Take This Steak House IPO With A Grain Of Salt

THE DEAL IS COMING 40 YEARS after the company's late founder, Ruth Fertel, bought her first restaurant in New Orleans. In 1999, a group led by Madison Dearborn Partners, an $8 billion Chicago private-equity firm, took over the chain. Results since have proved wobbly. Operating profit -- $19.7 million in 2000 on revenue of $162 million -- the next year sank below $15 million, on $154 million in revenue. After bumping along near those levels, business in 2004 firmed notably, with $23.3 million in operating profit on sales of $192.2 million. Sales should jump again this year as units open in Biloxi, Miss.; Boston; Charlotte, N.C.; Sacramento, Calif.; and Virginia Beach, Va.

Ruth's is hoping each year to add from 8 to 12 new restaurants, some of them via franchising. Naturally, there's no guarantee that the new units will prosper. Late last year, operating losses forced Ruth's to close two restaurants, one in Sugar Land, Tex., and another in New York City near the U.N. Such mistakes may be expected in any business, but Ruth's can't easily afford them. Its balance sheet is burdened by long-term debt and preferred stock that must be redeemed. Net worth at yearend stood at a negative $51.5 million. Part of the IPO proceeds are set to go straight to the selling equity holders, led by Madison Dearborn. Another part stands to go to Ruth's itself, which then will turn around and repay creditors, including Madison Dearborn, Banc of America Securities ( BAC ), and Wachovia Investors. Affiliates of the latter two are the deal's leading underwriters.

Because no price has yet been set for shares in Ruth's, it's impossible to say whether they will prove as tempting as Ruth's steaks. But some guideposts to how the company might fairly be valued do exist. For starters, there are comparisons with competitors. Smith & Wollensky Restaurant Group last year had sales of $123 million. Its enterprise value -- that is, stock market value plus net debt -- now comes to $82 million, or 0.7 times last year's sales, according to Capital IQ, a division of Standard & Poor's (MHP ). Another rival, Morton's Restaurant Group, is no longer public. But when it went private in 2002, the buyout valued Morton's at not quite 0.8 times trailing sales. Then there is Ruth's itself. Madison Dearborn bought Ruth's in 1999 when the economy -- and demand for fancy steak dinners -- were ablaze, valuing it at $182 million in cash and assumed debt. That works out to more than 1.1 times 2000 sales.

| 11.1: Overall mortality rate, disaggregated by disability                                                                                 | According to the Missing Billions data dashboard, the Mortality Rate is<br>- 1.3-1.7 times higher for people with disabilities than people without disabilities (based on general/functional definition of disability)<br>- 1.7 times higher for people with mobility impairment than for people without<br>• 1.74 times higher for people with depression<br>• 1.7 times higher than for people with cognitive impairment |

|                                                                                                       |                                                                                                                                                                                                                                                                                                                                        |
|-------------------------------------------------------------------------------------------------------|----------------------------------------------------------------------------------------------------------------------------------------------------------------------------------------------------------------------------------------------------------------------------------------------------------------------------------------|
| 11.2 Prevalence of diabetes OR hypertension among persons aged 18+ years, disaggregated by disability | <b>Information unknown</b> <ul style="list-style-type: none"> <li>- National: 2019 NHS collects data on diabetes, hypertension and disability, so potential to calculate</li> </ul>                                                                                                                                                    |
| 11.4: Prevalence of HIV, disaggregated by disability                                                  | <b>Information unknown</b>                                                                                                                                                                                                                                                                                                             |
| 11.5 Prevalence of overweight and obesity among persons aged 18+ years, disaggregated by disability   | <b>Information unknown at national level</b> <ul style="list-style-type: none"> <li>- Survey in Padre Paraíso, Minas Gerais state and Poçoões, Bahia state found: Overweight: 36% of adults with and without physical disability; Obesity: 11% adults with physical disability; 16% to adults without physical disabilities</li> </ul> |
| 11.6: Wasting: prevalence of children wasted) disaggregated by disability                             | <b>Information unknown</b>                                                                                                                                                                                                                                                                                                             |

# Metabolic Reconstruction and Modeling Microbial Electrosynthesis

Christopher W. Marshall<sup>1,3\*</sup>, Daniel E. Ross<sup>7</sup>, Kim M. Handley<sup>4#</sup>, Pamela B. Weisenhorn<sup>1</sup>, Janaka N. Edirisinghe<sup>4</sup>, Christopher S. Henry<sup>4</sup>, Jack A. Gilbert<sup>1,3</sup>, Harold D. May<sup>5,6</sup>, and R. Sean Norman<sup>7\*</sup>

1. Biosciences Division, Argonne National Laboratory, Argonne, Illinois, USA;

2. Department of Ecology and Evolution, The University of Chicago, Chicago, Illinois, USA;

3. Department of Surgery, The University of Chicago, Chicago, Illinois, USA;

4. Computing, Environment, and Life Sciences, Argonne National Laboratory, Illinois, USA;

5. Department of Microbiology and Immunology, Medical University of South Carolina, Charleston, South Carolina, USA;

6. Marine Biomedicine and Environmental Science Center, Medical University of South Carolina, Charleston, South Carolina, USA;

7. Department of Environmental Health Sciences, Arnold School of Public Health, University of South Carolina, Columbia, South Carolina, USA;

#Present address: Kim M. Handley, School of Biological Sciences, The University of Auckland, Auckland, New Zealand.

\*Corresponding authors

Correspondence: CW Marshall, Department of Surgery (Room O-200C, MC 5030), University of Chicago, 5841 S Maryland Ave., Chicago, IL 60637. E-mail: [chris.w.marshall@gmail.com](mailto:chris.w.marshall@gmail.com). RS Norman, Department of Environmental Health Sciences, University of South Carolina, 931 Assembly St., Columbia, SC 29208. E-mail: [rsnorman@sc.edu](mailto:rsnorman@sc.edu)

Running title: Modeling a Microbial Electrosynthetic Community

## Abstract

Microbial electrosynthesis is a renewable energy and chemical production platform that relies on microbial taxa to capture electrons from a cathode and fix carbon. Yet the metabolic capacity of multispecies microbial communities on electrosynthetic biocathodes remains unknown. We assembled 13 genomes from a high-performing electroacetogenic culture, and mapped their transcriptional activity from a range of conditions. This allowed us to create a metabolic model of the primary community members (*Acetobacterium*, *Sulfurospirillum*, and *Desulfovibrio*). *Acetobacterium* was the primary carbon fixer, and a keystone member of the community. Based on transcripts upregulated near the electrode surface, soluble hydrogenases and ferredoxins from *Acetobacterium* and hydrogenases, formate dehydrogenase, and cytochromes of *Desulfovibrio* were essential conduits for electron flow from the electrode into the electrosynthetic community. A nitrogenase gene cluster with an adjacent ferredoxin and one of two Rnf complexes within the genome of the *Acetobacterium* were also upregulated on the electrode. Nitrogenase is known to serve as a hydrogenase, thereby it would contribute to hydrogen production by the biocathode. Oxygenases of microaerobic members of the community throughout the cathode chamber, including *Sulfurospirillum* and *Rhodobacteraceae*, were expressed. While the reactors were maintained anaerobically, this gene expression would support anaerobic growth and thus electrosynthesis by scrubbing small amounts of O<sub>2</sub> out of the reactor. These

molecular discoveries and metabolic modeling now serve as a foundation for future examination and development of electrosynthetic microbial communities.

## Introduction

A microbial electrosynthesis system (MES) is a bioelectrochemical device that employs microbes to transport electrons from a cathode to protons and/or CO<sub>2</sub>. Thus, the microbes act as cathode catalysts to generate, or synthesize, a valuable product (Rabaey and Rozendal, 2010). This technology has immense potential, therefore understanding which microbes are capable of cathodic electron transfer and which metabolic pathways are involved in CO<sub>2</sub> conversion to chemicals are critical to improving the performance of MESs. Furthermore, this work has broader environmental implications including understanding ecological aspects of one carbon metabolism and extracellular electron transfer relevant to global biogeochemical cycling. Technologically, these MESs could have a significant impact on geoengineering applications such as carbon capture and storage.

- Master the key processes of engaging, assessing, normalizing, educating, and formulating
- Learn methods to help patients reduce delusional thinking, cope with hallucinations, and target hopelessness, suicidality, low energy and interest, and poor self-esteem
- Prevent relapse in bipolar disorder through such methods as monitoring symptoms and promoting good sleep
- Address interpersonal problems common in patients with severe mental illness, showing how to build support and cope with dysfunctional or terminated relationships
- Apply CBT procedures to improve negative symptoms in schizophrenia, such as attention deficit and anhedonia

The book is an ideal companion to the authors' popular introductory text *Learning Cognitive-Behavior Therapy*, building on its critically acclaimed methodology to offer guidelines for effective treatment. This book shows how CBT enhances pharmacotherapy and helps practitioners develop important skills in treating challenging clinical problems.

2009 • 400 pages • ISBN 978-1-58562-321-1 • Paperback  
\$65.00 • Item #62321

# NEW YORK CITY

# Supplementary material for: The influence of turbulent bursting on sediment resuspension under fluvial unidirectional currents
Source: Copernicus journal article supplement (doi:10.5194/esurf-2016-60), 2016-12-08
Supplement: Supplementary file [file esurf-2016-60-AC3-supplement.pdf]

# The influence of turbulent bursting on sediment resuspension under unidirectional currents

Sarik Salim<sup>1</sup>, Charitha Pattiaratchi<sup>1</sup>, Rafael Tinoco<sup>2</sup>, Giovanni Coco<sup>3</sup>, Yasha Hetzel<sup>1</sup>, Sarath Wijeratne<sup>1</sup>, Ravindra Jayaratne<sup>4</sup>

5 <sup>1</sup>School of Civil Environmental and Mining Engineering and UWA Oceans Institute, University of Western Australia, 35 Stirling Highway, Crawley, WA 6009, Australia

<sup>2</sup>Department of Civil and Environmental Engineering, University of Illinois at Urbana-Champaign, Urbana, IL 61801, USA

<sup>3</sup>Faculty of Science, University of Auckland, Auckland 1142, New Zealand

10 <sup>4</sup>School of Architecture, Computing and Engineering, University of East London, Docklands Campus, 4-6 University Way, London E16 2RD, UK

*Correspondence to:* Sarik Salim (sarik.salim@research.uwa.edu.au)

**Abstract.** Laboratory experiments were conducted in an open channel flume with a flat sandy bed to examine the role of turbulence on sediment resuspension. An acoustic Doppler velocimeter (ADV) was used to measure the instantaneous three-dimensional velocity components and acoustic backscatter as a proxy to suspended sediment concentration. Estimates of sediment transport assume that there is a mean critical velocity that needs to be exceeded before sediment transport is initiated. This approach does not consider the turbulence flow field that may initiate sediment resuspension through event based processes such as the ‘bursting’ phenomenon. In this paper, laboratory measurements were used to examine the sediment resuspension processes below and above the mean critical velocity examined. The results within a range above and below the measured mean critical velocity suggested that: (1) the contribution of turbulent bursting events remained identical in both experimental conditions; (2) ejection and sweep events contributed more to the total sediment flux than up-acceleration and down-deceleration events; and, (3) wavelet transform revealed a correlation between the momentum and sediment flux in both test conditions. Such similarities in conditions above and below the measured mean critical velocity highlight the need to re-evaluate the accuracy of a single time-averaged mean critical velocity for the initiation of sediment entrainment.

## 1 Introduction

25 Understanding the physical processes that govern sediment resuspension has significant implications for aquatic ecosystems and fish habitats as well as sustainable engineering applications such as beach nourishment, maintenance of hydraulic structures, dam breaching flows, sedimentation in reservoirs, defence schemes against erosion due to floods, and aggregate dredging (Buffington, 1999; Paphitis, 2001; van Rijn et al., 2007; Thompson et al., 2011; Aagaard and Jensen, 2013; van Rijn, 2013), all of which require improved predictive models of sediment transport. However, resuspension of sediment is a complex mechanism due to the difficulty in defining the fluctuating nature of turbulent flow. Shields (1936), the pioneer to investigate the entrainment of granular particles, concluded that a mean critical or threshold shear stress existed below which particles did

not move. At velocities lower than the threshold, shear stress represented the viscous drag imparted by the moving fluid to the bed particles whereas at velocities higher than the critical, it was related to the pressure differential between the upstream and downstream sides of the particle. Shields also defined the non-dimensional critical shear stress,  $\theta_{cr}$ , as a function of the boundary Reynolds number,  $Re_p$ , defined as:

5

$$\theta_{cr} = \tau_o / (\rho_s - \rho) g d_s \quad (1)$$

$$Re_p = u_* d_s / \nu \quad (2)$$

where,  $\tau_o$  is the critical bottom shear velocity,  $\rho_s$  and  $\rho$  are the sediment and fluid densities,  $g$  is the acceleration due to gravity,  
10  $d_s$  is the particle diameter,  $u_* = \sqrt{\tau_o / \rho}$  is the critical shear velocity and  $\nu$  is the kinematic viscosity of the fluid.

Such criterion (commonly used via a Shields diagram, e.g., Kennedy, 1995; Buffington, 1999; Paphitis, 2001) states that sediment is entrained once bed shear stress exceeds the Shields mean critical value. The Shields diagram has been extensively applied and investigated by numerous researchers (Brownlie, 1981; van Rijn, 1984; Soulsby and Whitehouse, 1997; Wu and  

At last report, Ruth's net debt came to $117 million. Figuring generously that the chain still is worth 1.1 times sales suggests an equity value of, say, $95 million. It's a good bet the sellers want to get much more. If Ruth's tempts you, wait for the sizzle to fizzle.

RUTH has a current market cap of about $407M, more than four times the $95M equity value figure posited in the Barker article. Add to that the poor performance of Smith & Wollensky and Morton's (who some say have better steaks, although I was underwhelmed at my puny filet earlier this year), and you don't even have to factor in the costs of Katrina to see that RUTH is still overvalued and risky. Why should RUTH do better than its competitors in the stock market if it's not beating them in the steak market?

Well, folks at the Motley Fool
think RUTH winning at the steak market:

"...In its first quarterly report since going public last month, Ruth's Chris Steak House (Nasdaq: RUTH) delivered the beefy results that its new investors were banking on. The company earned $0.11 a share, reversing a loss from last year's second quarter. Revenues rose by 11% on a robust 10% gain in comparable restaurant sales at its company-owned units and a 7% spike at its franchised locations.

The comps rose despite the widespread belief that higher fuel prices will keep restaurant diners away. Between the convenience of eating at home and the financial bite of higher prices at the pump eating away at disposable income, Ruth's Chris believes that it is mostly sheltered from those trends given the high-end clientele at its upscale chophouses.

...For investors, this is a great start for Ruth's Chris as a public company. Restaurants can be tricky, especially when it comes to steakhouses. For every Outback (NYSE: OSI) and Texas Roadhouse (Nasdaq: TXRH) that hits it out of the park after their IPOs, you have others like Smith & Wollensky (Nasdaq: SWRG) and Roadhouse Grill that have struggled to prove themselves worthy.

That's why it was important for Ruth's Chris to deliver the goods early. Wall Street won't view August's stock offering as an exit strategy, since it now sees a company where the future appears to be even brighter than its past.

Ruth's Chris weathered Katrina. Things can only get better from here."

I don't buy it. The success stories mentioned, OSI and TXRH, are mid-level suburban chains, on par with Olive Garden. The failures are Smith & Wollensky's and Morton's, on par with, um, Ruth's Chris. I think I'll stick to buying the also-rans' steaks, but not their stocks.

All this talk of mouth-watering steak, and yet I'm not flinging any beef into the Stock Watch List trough. I wouldn't be so rude as to leave you empty-handed, so here's a fine link
to a delicious-sounding recipe from the fine folks at Esquire.